Ether is not actually stored within the wallet, but the wallet itself contains private keys that act as passwords when making a transaction. Each ether holder receives a private key for each unit owned, and this key is required to access their cryptocurrency. This is why it is crucial to discuss key security and how to properly store them.

The Historic Split

A notable event in Ethereum's history was the hard fork, or split, of Ethereum and Ethereum Classic. In 2016, a group of network participants gained control of the majority of the Ethereum blockchain to steal over $50 million worth of ether, which had been raised for a project called The DAO.

The success of the heist was attributed to the involvement of a third-party developer in the new project. The majority of the Ethereum community chose to undo the theft by invalidating the existing Ethereum blockchain and approving a blockchain with a revised history.

However, a fraction of the community chose to maintain the original version of the Ethereum blockchain. That unmodified version of Ethereum permanently split off and became the cryptocurrency Ethereum Classic (ETC).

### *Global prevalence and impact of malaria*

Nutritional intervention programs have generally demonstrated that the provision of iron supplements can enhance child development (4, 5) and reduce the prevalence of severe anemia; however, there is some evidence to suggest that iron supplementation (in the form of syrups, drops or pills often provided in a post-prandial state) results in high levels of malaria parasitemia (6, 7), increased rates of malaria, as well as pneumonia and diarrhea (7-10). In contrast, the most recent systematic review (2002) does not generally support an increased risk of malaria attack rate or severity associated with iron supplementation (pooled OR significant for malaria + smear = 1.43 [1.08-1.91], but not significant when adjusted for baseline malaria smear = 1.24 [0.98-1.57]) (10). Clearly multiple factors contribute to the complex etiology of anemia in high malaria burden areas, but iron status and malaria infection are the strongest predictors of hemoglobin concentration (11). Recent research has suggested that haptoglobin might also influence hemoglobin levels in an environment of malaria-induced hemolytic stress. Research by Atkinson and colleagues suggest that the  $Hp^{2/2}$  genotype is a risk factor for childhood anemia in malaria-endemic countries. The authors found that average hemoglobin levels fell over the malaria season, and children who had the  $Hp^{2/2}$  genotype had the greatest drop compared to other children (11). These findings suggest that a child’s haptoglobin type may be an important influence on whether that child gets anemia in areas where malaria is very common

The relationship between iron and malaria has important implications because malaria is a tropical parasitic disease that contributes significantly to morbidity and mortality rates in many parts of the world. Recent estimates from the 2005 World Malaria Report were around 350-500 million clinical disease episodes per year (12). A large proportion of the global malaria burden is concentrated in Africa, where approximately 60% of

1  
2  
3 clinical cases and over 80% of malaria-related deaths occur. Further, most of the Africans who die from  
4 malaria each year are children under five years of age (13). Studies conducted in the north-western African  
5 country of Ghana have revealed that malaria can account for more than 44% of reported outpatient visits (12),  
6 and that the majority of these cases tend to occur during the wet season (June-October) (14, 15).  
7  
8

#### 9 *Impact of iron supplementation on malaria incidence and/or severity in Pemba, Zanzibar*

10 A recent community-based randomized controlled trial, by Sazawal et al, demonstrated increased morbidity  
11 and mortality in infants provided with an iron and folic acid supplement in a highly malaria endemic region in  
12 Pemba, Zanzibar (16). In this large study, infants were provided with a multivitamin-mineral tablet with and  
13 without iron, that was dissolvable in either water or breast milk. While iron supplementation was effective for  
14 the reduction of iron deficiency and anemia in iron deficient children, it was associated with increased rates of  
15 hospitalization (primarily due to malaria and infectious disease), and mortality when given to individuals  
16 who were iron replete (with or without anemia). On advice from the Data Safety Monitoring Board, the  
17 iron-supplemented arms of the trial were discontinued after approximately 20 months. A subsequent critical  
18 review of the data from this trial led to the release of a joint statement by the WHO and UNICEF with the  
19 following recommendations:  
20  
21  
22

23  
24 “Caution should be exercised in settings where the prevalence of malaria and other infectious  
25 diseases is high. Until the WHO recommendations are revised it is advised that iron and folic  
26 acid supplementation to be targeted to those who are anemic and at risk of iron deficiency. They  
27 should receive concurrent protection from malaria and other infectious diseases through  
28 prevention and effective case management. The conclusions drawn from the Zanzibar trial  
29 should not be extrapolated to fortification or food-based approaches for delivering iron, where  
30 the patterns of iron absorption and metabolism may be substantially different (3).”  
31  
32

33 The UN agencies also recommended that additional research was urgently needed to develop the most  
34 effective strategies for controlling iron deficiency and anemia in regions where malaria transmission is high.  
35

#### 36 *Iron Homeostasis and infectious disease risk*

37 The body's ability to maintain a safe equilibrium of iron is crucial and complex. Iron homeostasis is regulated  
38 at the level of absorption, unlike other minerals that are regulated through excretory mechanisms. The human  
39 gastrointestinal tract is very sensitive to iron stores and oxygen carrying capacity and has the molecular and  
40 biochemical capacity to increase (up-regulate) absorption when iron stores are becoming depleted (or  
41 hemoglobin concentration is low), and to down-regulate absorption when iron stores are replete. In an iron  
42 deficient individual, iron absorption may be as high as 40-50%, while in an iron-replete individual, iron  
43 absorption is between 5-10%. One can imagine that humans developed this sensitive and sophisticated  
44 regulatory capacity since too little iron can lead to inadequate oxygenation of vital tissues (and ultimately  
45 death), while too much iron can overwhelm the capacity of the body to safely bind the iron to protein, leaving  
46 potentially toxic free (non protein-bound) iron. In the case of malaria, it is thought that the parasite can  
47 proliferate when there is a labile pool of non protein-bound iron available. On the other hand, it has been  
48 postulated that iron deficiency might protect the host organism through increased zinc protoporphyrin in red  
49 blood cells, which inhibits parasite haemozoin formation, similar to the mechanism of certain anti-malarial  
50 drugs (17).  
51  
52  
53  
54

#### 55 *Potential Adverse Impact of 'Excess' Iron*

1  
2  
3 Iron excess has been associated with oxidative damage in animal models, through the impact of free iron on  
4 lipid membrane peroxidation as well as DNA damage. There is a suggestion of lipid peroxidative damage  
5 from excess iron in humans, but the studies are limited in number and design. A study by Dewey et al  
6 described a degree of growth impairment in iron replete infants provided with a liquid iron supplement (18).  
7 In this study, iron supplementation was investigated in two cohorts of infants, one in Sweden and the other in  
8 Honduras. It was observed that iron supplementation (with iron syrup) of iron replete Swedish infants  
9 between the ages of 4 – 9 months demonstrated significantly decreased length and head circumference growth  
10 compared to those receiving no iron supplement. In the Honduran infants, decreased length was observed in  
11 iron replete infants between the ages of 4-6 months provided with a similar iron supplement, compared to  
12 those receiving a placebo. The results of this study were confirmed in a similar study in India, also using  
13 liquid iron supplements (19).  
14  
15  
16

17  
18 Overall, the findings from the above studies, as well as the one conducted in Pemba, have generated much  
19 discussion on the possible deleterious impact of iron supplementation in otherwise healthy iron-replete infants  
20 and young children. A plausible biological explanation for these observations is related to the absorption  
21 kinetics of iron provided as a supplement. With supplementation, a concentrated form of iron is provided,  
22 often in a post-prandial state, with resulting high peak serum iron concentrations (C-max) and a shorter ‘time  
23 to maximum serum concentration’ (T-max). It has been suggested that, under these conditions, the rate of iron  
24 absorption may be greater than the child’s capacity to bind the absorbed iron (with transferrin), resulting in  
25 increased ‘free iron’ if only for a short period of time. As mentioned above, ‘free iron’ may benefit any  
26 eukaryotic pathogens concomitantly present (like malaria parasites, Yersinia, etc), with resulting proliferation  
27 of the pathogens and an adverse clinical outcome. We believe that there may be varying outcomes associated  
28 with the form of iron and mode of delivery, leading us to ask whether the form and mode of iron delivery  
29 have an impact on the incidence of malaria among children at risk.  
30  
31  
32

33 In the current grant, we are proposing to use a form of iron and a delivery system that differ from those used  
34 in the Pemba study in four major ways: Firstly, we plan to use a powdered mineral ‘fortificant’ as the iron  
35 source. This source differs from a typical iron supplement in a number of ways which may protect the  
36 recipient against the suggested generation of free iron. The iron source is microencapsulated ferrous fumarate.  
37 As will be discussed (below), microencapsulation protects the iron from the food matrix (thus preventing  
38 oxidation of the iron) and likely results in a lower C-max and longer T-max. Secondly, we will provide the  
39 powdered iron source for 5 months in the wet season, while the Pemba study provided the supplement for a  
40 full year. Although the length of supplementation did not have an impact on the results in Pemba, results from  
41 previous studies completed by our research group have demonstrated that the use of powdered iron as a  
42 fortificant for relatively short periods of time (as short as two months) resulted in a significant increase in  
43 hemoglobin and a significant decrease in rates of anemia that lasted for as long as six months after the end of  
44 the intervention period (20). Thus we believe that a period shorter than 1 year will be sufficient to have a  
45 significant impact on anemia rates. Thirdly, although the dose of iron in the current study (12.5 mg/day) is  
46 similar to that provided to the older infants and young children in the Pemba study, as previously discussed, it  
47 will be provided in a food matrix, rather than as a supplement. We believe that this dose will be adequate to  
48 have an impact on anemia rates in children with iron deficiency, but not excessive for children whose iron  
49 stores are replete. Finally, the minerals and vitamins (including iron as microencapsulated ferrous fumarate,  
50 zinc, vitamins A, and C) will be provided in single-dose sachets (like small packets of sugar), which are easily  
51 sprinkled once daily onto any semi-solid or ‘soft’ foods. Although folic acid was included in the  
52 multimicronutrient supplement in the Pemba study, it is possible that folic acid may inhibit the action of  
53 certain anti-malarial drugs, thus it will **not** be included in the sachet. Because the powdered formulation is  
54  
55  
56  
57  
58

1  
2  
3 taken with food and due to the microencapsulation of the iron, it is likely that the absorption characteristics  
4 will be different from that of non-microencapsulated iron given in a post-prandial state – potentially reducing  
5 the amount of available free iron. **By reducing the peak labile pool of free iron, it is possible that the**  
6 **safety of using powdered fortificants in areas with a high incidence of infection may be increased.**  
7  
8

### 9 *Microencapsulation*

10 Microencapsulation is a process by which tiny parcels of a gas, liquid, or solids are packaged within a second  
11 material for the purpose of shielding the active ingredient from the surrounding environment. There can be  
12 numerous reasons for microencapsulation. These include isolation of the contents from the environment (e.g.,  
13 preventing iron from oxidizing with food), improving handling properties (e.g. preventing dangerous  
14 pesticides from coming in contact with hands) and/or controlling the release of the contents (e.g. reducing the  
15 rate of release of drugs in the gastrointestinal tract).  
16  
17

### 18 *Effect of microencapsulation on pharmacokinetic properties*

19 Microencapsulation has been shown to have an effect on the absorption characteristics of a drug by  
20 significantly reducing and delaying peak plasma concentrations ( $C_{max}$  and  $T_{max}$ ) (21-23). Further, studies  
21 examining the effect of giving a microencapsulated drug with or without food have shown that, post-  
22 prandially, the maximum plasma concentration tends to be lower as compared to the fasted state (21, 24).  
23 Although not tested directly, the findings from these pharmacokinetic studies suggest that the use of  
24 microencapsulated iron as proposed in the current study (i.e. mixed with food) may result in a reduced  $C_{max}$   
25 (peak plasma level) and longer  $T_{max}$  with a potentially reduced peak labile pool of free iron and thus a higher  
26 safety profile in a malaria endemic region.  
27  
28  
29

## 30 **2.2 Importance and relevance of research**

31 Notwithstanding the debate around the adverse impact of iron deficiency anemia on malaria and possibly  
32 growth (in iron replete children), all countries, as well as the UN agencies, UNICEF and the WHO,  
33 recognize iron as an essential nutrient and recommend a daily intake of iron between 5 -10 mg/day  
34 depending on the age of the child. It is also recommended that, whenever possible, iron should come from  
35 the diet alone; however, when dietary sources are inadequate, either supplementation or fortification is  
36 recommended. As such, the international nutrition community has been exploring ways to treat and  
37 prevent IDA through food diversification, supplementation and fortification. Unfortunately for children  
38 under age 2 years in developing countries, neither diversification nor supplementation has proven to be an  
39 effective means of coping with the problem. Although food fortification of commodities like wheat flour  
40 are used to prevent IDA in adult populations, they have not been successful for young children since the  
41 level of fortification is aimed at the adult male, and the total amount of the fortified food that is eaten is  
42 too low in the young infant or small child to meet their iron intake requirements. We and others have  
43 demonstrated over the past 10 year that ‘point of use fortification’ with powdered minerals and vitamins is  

Ethereum vs. Bitcoin

Ethereum is often compared to Bitcoin but has significant differences. Its developers describe it as "the world's programmable blockchain," an electronic and programmable network with many applications. In contrast, Bitcoin was created solely to support the cryptocurrency Bitcoin.

The maximum number of Bitcoins that can be created is 21 million, while the quantity of Ethereum is unlimited, although block processing time limits the amount of ether that can be minted each year. Currently, the number of circulating Ethereum coins exceeds 122 million.

Another significant difference between Ethereum and Bitcoin concerns the treatment of transaction processing fees. In the Ethereum network, these fees, known as gas, are paid by the participants in the transactions themselves, while in the Bitcoin network, fees are absorbed by the broader Bitcoin network.

Since September 2022, Ethereum has been using a proof-of-stake consensus mechanism, while Bitcoin uses proof-of-work, which requires miners to compete for rewards.

The Future of Ethereum

Ethereum's transition to the proof-of-stake protocol, which allows users to validate transactions and create new ETH based on the amount of ether they hold, is part of a major upgrade to the Ethereum platform. Previously known as Eth2, this upgrade is now simply called Ethereum. However, Ethereum now has two layers. The first layer is the execution layer, where transactions and validations take place. The second layer is the consensus layer, where attestations and the consensus chain are maintained.